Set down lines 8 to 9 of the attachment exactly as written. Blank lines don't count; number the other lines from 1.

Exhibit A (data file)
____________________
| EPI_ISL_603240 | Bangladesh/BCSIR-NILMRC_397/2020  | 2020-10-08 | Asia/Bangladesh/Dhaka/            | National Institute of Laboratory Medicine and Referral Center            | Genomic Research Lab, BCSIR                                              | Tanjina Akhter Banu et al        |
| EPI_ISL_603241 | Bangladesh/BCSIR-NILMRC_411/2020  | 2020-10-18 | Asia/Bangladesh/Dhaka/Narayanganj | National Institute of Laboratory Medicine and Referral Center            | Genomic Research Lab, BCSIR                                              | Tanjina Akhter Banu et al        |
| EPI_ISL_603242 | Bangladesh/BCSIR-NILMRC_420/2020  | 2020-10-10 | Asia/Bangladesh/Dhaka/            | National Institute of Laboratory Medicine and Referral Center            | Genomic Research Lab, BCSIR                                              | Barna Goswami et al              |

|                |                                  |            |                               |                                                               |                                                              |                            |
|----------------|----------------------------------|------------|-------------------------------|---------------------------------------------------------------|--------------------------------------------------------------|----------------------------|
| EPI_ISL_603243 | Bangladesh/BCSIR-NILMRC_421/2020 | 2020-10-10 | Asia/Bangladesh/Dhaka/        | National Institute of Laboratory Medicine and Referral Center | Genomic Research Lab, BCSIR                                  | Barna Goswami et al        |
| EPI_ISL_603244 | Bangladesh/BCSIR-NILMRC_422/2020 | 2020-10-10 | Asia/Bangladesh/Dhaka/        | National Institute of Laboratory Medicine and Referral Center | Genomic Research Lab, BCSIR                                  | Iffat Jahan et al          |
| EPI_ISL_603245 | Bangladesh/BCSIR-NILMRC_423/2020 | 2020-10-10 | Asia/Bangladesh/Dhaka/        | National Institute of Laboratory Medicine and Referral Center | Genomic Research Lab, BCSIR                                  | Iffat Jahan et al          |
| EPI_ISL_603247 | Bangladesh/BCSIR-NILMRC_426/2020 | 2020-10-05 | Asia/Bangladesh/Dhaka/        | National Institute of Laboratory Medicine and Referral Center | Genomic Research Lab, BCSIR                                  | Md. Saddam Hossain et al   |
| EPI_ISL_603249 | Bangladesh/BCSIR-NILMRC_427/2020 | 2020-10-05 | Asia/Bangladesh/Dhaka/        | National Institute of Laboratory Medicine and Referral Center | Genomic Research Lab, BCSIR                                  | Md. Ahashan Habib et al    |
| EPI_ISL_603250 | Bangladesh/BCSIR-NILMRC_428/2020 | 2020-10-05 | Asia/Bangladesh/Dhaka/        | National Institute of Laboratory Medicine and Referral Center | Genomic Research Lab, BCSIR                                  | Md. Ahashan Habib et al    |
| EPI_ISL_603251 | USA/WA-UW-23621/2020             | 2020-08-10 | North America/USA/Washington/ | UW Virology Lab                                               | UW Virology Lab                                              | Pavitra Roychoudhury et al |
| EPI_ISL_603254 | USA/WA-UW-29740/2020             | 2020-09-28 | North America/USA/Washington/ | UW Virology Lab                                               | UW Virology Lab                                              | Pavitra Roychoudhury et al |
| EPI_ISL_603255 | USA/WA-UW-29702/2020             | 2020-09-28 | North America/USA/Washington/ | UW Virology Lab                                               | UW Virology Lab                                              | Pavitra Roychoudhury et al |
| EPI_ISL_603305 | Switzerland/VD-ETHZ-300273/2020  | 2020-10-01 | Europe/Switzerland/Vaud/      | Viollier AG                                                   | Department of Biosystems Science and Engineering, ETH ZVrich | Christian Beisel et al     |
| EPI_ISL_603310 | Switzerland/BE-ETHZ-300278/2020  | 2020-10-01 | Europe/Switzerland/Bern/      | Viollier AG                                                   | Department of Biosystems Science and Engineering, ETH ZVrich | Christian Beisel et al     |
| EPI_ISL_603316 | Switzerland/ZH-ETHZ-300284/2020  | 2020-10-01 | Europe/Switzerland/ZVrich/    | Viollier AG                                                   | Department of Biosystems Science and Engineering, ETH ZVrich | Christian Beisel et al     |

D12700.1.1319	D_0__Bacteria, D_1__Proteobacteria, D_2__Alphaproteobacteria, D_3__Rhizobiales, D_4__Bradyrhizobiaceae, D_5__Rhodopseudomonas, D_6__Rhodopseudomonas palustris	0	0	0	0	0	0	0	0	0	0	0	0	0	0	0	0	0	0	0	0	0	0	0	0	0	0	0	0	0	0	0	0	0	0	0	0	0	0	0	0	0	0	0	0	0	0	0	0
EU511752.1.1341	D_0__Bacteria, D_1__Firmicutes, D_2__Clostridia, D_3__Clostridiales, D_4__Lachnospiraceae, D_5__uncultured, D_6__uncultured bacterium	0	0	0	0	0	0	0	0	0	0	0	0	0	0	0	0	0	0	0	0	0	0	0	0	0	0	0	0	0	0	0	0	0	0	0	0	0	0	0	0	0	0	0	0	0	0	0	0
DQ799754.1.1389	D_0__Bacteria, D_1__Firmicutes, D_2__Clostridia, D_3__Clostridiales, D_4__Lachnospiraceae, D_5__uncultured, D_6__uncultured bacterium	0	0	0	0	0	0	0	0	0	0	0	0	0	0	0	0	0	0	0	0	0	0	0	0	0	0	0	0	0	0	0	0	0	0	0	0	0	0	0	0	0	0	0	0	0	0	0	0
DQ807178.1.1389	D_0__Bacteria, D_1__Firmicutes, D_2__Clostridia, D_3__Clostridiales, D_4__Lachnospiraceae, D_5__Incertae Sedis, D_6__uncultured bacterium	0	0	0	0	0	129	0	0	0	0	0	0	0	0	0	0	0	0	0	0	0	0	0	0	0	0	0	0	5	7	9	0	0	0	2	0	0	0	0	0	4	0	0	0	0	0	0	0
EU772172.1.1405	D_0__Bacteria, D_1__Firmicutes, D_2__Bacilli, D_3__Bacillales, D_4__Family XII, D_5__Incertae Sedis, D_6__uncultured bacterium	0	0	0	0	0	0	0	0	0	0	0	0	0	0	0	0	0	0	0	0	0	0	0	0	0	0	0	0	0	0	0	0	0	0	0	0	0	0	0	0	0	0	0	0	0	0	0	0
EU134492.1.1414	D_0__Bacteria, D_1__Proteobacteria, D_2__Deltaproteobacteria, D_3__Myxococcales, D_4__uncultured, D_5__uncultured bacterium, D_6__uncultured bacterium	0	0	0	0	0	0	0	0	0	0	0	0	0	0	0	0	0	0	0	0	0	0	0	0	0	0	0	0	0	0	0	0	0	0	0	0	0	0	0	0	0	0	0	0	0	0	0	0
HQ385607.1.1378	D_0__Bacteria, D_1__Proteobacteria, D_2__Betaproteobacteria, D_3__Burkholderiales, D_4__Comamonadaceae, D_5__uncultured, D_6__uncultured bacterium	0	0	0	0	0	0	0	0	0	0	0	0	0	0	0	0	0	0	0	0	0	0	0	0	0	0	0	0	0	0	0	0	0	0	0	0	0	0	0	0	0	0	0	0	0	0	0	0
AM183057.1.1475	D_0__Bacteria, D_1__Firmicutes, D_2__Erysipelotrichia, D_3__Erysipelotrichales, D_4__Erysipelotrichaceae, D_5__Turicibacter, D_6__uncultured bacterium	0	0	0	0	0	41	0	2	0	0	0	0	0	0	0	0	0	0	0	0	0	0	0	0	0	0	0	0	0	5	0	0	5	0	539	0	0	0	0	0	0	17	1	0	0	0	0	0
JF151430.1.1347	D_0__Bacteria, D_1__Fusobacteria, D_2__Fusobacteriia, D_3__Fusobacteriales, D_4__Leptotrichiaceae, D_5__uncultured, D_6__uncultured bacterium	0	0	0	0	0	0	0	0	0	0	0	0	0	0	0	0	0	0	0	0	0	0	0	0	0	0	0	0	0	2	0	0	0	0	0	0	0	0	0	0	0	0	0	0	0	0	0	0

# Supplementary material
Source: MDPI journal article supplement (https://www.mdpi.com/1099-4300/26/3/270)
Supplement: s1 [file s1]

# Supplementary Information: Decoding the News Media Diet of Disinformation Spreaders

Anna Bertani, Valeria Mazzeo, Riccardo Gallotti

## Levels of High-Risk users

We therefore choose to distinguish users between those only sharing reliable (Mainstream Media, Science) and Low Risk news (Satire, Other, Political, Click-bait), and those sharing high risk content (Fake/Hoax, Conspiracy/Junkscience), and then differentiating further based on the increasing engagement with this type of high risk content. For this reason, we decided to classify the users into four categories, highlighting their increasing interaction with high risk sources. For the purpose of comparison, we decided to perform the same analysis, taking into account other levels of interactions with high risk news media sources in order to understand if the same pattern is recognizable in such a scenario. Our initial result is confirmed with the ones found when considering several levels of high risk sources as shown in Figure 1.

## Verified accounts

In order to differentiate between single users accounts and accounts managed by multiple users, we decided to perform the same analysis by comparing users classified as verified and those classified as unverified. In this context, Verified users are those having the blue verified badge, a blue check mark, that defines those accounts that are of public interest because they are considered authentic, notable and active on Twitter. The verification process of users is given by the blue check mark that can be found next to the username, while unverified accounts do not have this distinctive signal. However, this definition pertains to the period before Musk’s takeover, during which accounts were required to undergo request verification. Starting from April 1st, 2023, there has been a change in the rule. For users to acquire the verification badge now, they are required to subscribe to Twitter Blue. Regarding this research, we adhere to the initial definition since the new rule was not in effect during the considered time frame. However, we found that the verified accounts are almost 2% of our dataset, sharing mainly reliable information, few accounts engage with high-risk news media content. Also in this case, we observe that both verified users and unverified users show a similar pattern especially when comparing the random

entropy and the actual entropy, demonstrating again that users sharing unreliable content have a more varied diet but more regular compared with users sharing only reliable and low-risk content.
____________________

| EPI_ISL_603245 | Bangladesh/BCSIR-NILMRC_423/2020 | 2020-10-10 | Asia/Bangladesh/Dhaka/        | National Institute of Laboratory Medicine and Referral Center | Genomic Research Lab, BCSIR                                  | Iffat Jahan et al          |
| EPI_ISL_603247 | Bangladesh/BCSIR-NILMRC_426/2020 | 2020-10-05 | Asia/Bangladesh/Dhaka/        | National Institute of Laboratory Medicine and Referral Center | Genomic Research Lab, BCSIR                                  | Md. Saddam Hossain et al   |